Chicago Spanking Review

Weird Spankings #24: Red Rube, Red Butt

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For the penultimate in our current series of Weird Spankings we visit Red Rube. If The Shield was Archie's best-known superhero character, then surely Red Rube was the least-known, and deservedly so as we shall see. Let's take a look at him from his origin story, in Zip Comics #39 (August 1943):

red rube splash page from zip #39

Story and art by Ed Robbins. Published by Archie (MLJ). Posted by the Web-Ed on 04/01/2011.

So how did Red Rube come to be? Let's follow the trail of Reuben, an abused orphan boy, as he finds himself in a strange hall of portraits.

red rube page 34 from zip #39

Hmmm - this is vaguely familiar (if you know your Golden Age heroes), and it becomes more apparent when he meets an old ancestor of his who basically tells him he will have the powers of all his ancestors when he shouts, "Hey, Rube!"

red rube page 34 from zip #39

By this time, you should have recognized Red Rube as a rather blatant rip-off of the original Captain Marvel, but if not, let's take a look at some comparisons. First, let's visit that portrait gallery again, then remember the mysterious subway tunnel that Billy Batson followed when he met the old wizard, Shazam, for the first time back in Whiz Comics #1:

red rube hall from zip #39
the great hall of shazam from whiz #1
red rube from zip #39 shazam! from whiz #1
the great hall of shazam from whiz #1

Like we said, blatant: just as Billy Batson changed into Captain Marvel (nicknamed The Big Red Cheese) by calling out old Shazam's name, so young Reuben changes into Red Rube by calling out, "Hey Rube!" Somehow, the time-honored carny cry just doesn't have the pizazz of "Shazam!", which is one reason why Captain Marvel is one of the all-time great super-heroes and Red Rube was pretty much forgotten about until now. Which reminds us - we never did present the spanking page. O.K., here it is:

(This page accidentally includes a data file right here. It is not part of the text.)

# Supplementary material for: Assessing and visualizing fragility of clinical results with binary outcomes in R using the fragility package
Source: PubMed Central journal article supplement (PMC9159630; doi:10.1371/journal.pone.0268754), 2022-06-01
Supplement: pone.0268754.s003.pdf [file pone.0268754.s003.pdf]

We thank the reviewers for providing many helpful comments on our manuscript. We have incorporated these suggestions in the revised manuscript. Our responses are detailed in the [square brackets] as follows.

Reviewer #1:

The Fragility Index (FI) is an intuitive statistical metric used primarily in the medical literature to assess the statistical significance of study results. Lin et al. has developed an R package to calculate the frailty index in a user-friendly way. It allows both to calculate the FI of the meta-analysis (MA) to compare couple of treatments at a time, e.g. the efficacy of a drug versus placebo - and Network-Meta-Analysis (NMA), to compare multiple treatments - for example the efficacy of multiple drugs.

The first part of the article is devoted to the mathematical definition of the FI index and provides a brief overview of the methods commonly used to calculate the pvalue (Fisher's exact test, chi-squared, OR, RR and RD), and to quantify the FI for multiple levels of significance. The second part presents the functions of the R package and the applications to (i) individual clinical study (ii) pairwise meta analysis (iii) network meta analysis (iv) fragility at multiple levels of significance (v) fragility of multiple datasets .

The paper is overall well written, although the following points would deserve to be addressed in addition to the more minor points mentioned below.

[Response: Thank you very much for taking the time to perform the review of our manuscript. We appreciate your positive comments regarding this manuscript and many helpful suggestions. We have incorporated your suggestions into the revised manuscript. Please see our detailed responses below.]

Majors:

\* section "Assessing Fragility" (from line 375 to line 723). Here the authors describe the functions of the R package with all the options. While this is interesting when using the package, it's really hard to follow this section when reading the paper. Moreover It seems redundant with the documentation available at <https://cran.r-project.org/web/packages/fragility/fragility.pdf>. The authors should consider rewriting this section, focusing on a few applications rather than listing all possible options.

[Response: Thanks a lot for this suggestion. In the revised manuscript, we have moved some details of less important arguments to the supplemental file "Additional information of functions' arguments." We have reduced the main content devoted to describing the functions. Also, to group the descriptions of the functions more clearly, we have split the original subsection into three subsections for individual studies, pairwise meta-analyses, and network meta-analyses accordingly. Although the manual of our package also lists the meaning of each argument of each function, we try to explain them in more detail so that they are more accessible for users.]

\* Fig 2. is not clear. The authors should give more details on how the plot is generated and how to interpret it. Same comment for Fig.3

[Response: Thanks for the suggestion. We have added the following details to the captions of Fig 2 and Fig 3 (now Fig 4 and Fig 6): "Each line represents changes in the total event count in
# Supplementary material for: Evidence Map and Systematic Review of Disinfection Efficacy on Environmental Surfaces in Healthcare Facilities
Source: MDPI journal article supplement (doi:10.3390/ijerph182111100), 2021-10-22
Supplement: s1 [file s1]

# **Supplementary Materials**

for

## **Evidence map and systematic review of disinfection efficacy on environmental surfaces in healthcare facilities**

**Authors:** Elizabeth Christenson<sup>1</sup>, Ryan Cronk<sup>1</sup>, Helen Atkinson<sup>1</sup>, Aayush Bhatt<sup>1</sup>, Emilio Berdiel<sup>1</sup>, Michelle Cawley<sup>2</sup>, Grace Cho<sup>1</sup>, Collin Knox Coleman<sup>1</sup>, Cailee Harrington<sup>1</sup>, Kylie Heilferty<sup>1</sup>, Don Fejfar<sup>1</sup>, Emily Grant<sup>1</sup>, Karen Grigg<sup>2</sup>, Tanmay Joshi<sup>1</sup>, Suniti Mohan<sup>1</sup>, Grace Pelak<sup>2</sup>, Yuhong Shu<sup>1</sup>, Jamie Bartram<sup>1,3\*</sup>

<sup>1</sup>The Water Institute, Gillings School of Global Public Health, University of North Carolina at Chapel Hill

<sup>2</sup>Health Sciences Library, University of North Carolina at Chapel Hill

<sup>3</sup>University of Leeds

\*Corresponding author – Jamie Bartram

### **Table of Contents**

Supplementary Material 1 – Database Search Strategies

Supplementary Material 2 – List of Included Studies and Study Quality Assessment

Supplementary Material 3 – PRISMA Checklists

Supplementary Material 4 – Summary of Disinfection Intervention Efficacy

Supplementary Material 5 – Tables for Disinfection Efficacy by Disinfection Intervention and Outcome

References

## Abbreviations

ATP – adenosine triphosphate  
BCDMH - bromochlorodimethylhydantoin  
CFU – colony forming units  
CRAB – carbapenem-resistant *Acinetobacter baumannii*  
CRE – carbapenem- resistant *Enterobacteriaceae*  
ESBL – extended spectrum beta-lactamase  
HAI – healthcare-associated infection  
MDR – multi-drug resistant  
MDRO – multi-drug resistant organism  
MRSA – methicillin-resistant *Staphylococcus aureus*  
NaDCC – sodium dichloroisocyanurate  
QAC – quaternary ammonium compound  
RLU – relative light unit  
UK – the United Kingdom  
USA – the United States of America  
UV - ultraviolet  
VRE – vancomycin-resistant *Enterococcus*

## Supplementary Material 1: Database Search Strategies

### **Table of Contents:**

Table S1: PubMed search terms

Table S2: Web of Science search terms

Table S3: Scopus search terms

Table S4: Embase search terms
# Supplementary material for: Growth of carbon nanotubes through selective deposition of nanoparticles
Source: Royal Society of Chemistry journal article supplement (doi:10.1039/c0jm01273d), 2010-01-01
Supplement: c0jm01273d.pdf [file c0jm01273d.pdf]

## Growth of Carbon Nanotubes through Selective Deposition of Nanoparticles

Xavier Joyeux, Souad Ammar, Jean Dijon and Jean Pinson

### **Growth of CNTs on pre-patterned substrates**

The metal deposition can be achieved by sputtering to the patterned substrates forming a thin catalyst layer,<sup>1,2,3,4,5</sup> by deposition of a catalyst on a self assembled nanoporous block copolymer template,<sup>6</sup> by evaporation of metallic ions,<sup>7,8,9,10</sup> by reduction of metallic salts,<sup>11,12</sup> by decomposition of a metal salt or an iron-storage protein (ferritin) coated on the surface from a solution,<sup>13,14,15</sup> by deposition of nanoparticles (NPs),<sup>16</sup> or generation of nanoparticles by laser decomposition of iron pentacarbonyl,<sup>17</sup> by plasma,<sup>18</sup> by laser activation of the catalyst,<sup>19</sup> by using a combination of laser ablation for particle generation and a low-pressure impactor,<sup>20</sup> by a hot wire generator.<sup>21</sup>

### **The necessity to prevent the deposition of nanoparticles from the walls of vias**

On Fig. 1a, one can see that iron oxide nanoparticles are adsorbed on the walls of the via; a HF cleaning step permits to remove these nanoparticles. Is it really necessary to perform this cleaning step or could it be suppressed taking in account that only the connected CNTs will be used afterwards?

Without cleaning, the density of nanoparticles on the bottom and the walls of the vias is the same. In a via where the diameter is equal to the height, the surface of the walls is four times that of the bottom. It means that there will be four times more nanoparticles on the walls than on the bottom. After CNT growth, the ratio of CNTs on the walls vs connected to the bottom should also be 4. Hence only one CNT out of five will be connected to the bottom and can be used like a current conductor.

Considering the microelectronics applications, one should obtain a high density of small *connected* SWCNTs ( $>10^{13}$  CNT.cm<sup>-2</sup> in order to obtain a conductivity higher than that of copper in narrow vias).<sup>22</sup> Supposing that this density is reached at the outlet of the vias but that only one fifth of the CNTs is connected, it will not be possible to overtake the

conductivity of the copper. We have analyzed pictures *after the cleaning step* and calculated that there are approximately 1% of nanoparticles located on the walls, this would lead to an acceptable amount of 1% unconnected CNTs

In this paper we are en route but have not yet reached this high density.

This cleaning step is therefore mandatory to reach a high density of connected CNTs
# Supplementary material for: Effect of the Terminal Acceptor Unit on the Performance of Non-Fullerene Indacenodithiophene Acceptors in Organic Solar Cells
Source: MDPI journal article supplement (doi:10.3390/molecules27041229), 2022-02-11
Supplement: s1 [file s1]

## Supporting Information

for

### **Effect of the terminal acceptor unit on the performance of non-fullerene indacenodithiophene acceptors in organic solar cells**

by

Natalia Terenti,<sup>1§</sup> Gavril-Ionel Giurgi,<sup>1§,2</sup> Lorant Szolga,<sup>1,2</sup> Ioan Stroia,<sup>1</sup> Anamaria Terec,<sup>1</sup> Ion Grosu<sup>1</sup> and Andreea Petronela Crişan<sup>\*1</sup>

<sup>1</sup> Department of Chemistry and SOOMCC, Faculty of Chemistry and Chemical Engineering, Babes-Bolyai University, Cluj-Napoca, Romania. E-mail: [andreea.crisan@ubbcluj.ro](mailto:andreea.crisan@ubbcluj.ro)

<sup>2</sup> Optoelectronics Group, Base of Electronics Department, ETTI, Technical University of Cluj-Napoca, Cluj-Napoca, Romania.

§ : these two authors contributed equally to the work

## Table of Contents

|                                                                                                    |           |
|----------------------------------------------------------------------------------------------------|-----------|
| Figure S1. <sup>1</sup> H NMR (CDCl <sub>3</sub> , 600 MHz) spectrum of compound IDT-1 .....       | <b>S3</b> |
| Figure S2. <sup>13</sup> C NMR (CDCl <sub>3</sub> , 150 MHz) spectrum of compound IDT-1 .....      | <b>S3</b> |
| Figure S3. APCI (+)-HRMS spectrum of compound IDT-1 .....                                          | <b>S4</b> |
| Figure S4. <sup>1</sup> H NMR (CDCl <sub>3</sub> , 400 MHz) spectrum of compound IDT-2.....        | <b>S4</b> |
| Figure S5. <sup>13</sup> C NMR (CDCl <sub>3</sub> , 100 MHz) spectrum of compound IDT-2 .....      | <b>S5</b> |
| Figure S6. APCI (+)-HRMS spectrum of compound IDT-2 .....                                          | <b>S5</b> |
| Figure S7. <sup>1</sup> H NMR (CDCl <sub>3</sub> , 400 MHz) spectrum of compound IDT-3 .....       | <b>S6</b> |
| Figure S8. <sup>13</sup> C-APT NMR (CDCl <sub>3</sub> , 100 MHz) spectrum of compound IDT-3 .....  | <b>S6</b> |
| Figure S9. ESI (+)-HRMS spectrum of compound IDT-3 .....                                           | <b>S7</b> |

red rube spanking page from zip #39

Red Rube again imitates Capt. Marvel by turning a bad guy over his knee. Now in a sense he is fully justified - this is the man who beat young Reuben cruelly, and with a whip yet - so as a child-abuser, he is truly deserving of harsh punishment. Actually, although RR refuses to use the whip, it would have been no more than justice had he done so. Perhaps Robbins or the editor thought that such strict justice would have seemed cruel to young readers, or wanted to uphold the ideal that no man should take the law into his own hands, for although technically a spanking is an extra-legal punishment, it might have seemed entirely appropriate to those same young readers.

In fact, a case could be made that seeing the villain spanked would relieve any tensions and fears the story had created in young readers by depicting Reuben's abuse (indeed, it was probably to minimize this that the actual beating is not shown, although we see the boy's back afterwards). Of course, an even stronger case could be made for not getting into this situation in the first place, which is one reason you would probably not see child abuse depicted in a modern-day mainstream comic book or cartoon.

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